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Black Gospel music

From Wikipedia, the free encyclopedia

Black gospel music, often called gospel music or gospel, is the traditional music of the Black diaspora in the United States. It is rooted in the conversion of enslaved Africans to Christianity, both during and after the trans-atlantic slave trade, starting with work songs sung in the fields and, later, with religious songs sung in various church settings, later classified as Negro Spirituals (which shaped much of traditional Black gospel).

Black Gospel music has been traditionally concerned with the African-American quest for freedom. It has provided both "spiritual and communal uplift," first in the fields, and later in the Black Church; during the 1960s era in the South, it was described as the "soundtrack of the struggle for civil rights," helping create unity and faith for the work.[1]

The modern iteration of the genre, contemporary gospel, emerged in the late 1970s as a fusion of the traditional genre with the musical stylings of the era in secular Black music, which resulted in popularizing a whole new generation of artists and songs, expanding the larger genre's reach.

Also a popular form of commercial music, Black gospel was revolutionized in the 1930s by Thomas Dorsey, the "father of gospel music," who is credited with composing more than 1,000 gospel songs, including "Take My Hand, Precious Lord" and "Peace in the Valley." Dorsey also created the first gospel choir and sold millions of copies of his recordings nationwide.[2] The Pilgrim Baptist Church in Chicago, Dorsey's home church, is currently in development as the National Museum of Gospel Music.

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Background (18th century-1874)

Black gospel music has roots in the Black oral tradition—the passing down of history via the spoken word rather than in writing. In colonial America, where enslaved Africans were prevented from being formally educated, oral and otherwise non-written communication became the method not only for cultural patrimony, but for virtually all communication.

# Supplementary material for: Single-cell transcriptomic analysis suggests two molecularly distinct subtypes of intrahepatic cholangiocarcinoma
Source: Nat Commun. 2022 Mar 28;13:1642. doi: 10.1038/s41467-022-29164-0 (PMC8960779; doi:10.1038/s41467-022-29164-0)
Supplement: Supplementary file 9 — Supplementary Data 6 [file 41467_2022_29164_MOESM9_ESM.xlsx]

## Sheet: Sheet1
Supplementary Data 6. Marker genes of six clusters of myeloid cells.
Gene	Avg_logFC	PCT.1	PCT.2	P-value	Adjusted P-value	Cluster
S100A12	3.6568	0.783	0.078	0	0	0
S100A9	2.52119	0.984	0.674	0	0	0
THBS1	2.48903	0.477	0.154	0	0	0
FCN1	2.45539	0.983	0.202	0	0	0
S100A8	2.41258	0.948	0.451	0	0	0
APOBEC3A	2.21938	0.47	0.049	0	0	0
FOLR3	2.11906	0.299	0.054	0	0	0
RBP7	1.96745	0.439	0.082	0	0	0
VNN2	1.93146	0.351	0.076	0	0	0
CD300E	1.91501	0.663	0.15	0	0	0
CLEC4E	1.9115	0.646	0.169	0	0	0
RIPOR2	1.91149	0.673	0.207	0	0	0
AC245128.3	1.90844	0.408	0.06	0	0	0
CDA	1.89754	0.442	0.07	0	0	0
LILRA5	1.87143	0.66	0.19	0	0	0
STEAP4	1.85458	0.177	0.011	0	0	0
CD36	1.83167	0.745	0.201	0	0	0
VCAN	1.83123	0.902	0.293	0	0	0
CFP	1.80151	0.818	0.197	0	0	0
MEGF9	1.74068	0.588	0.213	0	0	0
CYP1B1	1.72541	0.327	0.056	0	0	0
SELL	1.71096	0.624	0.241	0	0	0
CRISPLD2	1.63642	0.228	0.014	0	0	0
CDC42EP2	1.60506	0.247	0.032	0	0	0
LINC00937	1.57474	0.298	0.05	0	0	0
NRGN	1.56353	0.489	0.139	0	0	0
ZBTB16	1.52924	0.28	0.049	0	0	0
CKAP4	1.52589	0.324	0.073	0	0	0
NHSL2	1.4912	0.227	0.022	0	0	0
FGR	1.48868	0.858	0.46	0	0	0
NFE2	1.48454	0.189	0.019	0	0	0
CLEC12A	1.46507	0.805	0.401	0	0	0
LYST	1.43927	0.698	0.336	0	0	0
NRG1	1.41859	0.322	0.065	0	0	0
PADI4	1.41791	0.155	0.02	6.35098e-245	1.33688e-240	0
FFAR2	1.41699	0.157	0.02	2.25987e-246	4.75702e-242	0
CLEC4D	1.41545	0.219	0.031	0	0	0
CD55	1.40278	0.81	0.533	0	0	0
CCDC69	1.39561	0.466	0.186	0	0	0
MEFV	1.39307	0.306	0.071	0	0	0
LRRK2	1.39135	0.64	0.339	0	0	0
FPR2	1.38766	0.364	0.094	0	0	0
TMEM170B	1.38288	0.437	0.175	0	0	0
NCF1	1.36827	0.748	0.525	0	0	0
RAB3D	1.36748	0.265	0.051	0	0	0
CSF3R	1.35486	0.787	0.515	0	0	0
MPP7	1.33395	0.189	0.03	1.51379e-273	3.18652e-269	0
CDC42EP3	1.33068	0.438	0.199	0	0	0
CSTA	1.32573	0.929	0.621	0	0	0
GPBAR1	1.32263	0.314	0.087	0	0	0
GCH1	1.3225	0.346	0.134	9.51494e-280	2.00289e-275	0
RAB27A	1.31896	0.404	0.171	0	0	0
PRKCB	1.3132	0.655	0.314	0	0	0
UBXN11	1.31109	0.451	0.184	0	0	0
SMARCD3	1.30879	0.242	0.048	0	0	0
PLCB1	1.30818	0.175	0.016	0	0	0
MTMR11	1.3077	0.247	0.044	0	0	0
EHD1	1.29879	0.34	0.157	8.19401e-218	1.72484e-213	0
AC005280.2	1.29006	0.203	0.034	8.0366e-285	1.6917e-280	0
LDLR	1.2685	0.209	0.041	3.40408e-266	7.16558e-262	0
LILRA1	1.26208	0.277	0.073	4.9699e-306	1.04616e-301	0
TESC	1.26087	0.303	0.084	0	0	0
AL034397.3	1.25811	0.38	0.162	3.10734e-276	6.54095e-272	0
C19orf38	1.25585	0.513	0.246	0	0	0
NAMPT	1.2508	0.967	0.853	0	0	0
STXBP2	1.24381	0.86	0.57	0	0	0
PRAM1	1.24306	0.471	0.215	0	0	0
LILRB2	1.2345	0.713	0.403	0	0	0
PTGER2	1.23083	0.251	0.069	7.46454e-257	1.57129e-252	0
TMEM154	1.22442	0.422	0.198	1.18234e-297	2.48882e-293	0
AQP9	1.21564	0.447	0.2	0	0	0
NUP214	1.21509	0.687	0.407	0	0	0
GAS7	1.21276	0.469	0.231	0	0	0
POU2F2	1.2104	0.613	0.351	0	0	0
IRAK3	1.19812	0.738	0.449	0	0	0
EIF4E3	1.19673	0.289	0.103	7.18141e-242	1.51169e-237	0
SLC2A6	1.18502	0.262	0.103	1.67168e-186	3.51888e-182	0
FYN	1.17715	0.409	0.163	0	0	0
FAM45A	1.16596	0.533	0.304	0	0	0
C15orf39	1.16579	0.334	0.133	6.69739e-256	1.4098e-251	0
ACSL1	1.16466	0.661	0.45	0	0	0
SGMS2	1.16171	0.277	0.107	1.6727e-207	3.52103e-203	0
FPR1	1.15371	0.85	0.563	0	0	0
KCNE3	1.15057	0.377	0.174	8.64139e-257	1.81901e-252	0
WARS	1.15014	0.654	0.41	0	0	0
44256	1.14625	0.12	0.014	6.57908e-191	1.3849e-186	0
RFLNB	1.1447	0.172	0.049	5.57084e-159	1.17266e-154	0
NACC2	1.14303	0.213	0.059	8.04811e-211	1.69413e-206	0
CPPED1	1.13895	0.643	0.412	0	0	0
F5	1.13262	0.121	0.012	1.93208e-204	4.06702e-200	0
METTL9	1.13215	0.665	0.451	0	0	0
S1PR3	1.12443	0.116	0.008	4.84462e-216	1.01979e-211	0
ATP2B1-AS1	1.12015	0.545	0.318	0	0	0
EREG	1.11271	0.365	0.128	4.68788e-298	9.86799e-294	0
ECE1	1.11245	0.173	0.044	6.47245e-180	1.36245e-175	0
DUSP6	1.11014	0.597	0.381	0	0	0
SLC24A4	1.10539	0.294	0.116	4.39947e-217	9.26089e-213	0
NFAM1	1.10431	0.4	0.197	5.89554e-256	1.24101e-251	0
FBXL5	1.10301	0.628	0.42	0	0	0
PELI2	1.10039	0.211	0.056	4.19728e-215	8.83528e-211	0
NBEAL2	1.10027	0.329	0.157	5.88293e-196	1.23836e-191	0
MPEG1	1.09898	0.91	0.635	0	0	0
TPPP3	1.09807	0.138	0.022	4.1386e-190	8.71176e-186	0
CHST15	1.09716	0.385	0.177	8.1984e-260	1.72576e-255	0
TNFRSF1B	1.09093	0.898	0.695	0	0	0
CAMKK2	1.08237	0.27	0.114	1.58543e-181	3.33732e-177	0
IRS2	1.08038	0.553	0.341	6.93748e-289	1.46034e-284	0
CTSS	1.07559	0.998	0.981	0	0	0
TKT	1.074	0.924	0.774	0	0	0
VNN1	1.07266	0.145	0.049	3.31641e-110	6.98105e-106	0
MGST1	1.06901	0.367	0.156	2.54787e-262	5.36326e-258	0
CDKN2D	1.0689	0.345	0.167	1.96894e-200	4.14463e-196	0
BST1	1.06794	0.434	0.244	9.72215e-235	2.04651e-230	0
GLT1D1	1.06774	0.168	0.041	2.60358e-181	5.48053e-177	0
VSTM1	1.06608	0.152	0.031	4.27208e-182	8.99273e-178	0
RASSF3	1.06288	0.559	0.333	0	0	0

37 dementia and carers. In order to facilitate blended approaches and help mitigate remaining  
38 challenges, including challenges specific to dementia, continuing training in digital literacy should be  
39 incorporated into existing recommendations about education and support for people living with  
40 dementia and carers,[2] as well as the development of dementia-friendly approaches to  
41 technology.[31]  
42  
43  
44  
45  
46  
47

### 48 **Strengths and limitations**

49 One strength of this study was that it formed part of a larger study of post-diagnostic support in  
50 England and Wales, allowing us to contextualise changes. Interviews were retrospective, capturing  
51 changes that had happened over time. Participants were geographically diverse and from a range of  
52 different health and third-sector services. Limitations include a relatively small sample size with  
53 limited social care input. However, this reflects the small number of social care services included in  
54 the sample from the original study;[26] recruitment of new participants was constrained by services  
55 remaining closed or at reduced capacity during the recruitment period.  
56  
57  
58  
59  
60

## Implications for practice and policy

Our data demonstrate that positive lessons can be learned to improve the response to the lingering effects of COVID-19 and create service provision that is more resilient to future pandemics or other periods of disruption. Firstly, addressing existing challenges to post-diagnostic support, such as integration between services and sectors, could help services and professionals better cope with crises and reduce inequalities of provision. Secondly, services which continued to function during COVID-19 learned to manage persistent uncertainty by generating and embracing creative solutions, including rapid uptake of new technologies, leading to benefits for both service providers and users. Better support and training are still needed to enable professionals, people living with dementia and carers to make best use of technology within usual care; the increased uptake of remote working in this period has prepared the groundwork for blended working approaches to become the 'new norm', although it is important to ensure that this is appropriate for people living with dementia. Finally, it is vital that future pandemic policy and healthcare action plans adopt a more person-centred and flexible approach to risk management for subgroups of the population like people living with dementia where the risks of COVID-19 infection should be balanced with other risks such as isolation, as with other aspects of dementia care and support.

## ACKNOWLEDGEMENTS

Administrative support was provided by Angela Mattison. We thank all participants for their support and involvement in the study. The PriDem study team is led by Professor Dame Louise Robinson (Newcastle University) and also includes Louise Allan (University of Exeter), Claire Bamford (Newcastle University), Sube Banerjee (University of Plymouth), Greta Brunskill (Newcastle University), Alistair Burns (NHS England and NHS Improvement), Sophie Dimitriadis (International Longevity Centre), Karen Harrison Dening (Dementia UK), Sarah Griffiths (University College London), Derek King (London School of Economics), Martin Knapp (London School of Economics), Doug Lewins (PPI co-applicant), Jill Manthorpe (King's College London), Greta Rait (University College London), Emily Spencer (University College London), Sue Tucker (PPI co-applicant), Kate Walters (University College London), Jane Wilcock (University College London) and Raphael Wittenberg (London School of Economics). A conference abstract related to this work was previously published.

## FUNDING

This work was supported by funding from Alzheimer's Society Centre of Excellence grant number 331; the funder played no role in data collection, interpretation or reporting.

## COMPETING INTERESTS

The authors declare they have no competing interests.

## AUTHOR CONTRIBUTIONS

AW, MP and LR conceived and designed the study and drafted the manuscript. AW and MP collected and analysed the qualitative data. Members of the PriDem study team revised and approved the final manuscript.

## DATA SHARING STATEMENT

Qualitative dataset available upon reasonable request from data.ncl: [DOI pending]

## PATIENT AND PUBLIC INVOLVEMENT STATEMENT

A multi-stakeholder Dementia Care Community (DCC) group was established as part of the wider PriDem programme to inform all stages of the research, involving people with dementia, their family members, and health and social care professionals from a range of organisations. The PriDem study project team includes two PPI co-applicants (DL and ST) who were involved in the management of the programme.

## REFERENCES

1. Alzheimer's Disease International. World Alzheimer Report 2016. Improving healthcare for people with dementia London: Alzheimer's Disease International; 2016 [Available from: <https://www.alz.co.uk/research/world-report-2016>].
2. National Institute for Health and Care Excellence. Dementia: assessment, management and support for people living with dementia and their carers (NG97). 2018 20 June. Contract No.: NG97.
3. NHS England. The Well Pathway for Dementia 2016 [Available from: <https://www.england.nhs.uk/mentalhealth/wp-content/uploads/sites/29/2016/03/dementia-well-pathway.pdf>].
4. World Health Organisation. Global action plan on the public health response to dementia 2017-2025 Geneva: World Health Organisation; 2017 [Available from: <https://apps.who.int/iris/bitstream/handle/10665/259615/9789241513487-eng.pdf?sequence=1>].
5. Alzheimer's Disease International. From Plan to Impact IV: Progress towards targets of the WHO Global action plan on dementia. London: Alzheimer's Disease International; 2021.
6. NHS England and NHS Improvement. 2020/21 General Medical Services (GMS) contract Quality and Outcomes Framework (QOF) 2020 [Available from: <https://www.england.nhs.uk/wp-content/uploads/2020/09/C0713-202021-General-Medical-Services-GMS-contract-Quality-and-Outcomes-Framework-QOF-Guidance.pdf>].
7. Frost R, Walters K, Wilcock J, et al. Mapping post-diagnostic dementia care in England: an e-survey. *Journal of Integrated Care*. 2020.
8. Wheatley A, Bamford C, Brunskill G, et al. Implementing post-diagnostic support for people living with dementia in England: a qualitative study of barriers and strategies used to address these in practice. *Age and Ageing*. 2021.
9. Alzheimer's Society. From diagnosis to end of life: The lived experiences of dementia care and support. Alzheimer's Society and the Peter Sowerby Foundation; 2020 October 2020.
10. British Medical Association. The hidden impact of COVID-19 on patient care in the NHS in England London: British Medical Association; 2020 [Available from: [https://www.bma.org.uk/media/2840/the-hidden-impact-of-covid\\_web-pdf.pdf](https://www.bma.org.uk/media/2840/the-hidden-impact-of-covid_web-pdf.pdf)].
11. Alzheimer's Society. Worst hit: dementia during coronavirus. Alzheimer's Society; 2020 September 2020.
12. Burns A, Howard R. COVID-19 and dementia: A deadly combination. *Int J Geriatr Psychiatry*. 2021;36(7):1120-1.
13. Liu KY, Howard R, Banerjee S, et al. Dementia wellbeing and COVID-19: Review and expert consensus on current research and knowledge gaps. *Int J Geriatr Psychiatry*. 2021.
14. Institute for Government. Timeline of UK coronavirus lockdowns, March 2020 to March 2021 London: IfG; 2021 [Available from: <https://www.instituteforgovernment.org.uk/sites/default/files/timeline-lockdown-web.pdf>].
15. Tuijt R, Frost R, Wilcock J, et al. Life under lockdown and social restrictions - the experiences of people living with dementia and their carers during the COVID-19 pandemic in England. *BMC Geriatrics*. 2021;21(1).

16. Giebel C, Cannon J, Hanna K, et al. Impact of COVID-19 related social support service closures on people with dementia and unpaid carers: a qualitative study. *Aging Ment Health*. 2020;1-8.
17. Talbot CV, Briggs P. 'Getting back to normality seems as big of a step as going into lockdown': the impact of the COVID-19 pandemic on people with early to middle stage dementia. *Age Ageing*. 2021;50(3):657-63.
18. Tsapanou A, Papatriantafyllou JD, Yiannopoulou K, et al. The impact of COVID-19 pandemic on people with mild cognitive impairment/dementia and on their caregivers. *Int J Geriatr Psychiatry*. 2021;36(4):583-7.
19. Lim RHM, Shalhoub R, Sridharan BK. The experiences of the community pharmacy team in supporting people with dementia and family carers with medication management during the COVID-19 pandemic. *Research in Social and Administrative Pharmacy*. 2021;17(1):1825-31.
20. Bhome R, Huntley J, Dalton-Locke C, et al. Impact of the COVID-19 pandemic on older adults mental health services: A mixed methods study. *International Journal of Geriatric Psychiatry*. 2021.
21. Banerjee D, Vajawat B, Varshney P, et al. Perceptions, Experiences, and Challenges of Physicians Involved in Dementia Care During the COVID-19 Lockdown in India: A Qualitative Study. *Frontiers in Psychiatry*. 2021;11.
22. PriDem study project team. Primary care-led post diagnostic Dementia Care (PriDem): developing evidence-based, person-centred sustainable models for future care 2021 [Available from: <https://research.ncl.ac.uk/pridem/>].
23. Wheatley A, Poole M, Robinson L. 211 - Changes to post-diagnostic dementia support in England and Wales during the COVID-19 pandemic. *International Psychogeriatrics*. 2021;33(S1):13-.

Some of this communication (including work songs sung in the fields) was used to organize, including plans for retaliation against their enslavers and for escape. This eventually led to the banning of drums in many parts of colonial America, as well as other instruments related to West African patrimony.

As such, most Black churches relied on hand- clapping and foot-stomping as rhythmic accompaniment. West African dance and ring shout traditions developed among early Black Christians into shouting, in which fast-paced gospel music is accompanied by equally rapid (often frenzied) dancing. (In its modern form, this is also known as a "praise break".) This, along with the repetition and "call and response" elements familiar to West African music, helped to engender an ecstatic, trance-like state and to strengthen communal bonds. These elements also enabled illiterate members the opportunity to participate.[3][4]

Useful in the fields and in the church house, Negro spirituals (and the traditions associated with them) were the earliest form of Black gospel.[5][6] In 1867, a compendium of slave songs titled Slaves Songs of the United States was issued by a group of Northern abolitionists. It is also the first such collection of African-American music of any kind, and included a number of early Black gospel songs, including "Down in the River to Pray" (then titled "The Good Old Way").[citation needed]

In 1871, the Fisk Jubilee Singers were formed, an a cappella Black gospel ensemble formed to fundraise for Fisk University, an HBCU in Nashville.

Initial "gospel" music era (1874-1920s)

An early reference to the term "gospel song" appeared in Philip Bliss' 1874 songbook, Gospel Songs. A Choice Collection of Hymns and Tunes, describing songs that were easy to grasp and more easily singable than the traditional church hymns, not unlike Watts' works from a century prior. This latter tradition was used in the context of the growing revival/camp meeting tradition, a form of worship familiar to Black Christians, who had often been forced to meet in large outdoor spaces due to racism and other concerns.

This increasingly interracial tradition would eventually morph into the larger Pentecostal movement, which began in a markedly interracial fashion in Los Angeles and helped Black gospel expand nationwide across racial boundaries. Sister Rosetta Tharpe would emerge from the Black Pentecostal tradition as the first notable gospel recording artist. Arizona Dranes, the first-recorded gospel pianist, came from similar roots during this period and helped introduce ragtime stylings to the genre.